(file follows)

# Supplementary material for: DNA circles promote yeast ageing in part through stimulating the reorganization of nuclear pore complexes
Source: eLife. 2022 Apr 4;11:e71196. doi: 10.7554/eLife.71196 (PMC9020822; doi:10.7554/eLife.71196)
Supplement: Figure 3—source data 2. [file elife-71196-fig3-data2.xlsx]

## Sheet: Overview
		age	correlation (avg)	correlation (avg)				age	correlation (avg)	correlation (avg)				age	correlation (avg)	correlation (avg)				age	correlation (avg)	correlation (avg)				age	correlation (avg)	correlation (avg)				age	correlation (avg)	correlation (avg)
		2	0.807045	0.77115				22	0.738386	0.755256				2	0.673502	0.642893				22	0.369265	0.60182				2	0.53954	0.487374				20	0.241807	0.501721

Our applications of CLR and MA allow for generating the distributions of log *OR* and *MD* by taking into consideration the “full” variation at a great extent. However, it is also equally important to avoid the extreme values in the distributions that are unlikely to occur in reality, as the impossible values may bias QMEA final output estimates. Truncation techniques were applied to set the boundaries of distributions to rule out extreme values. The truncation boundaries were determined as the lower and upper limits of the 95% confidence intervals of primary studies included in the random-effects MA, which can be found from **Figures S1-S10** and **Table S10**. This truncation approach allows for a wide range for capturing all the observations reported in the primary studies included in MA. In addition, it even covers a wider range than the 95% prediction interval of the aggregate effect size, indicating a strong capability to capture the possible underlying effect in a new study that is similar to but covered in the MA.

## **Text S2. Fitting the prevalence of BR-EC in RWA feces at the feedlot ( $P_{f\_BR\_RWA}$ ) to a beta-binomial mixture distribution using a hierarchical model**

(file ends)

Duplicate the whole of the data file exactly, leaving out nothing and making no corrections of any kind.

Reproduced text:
# Supplementary material for: DNA circles promote yeast ageing in part through stimulating the reorganization of nuclear pore complexes
Source: eLife. 2022 Apr 4;11:e71196. doi: 10.7554/eLife.71196 (PMC9020822; doi:10.7554/eLife.71196)
Supplement: Figure 3—source data 2. [file elife-71196-fig3-data2.xlsx]

## Sheet: Overview
		age	correlation (avg)	correlation (avg)				age	correlation (avg)	correlation (avg)				age	correlation (avg)	correlation (avg)				age	correlation (avg)	correlation (avg)				age	correlation (avg)	correlation (avg)				age	correlation (avg)	correlation (avg)
		2	0.807045	0.77115				22	0.738386	0.755256				2	0.673502	0.642893				22	0.369265	0.60182				2	0.53954	0.487374				20	0.241807	0.501721

Our applications of CLR and MA allow for generating the distributions of log *OR* and *MD* by taking into consideration the “full” variation at a great extent. However, it is also equally important to avoid the extreme values in the distributions that are unlikely to occur in reality, as the impossible values may bias QMEA final output estimates. Truncation techniques were applied to set the boundaries of distributions to rule out extreme values. The truncation boundaries were determined as the lower and upper limits of the 95% confidence intervals of primary studies included in the random-effects MA, which can be found from **Figures S1-S10** and **Table S10**. This truncation approach allows for a wide range for capturing all the observations reported in the primary studies included in MA. In addition, it even covers a wider range than the 95% prediction interval of the aggregate effect size, indicating a strong capability to capture the possible underlying effect in a new study that is similar to but covered in the MA.

## **Text S2. Fitting the prevalence of BR-EC in RWA feces at the feedlot ( $P_{f\_BR\_RWA}$ ) to a beta-binomial mixture distribution using a hierarchical model**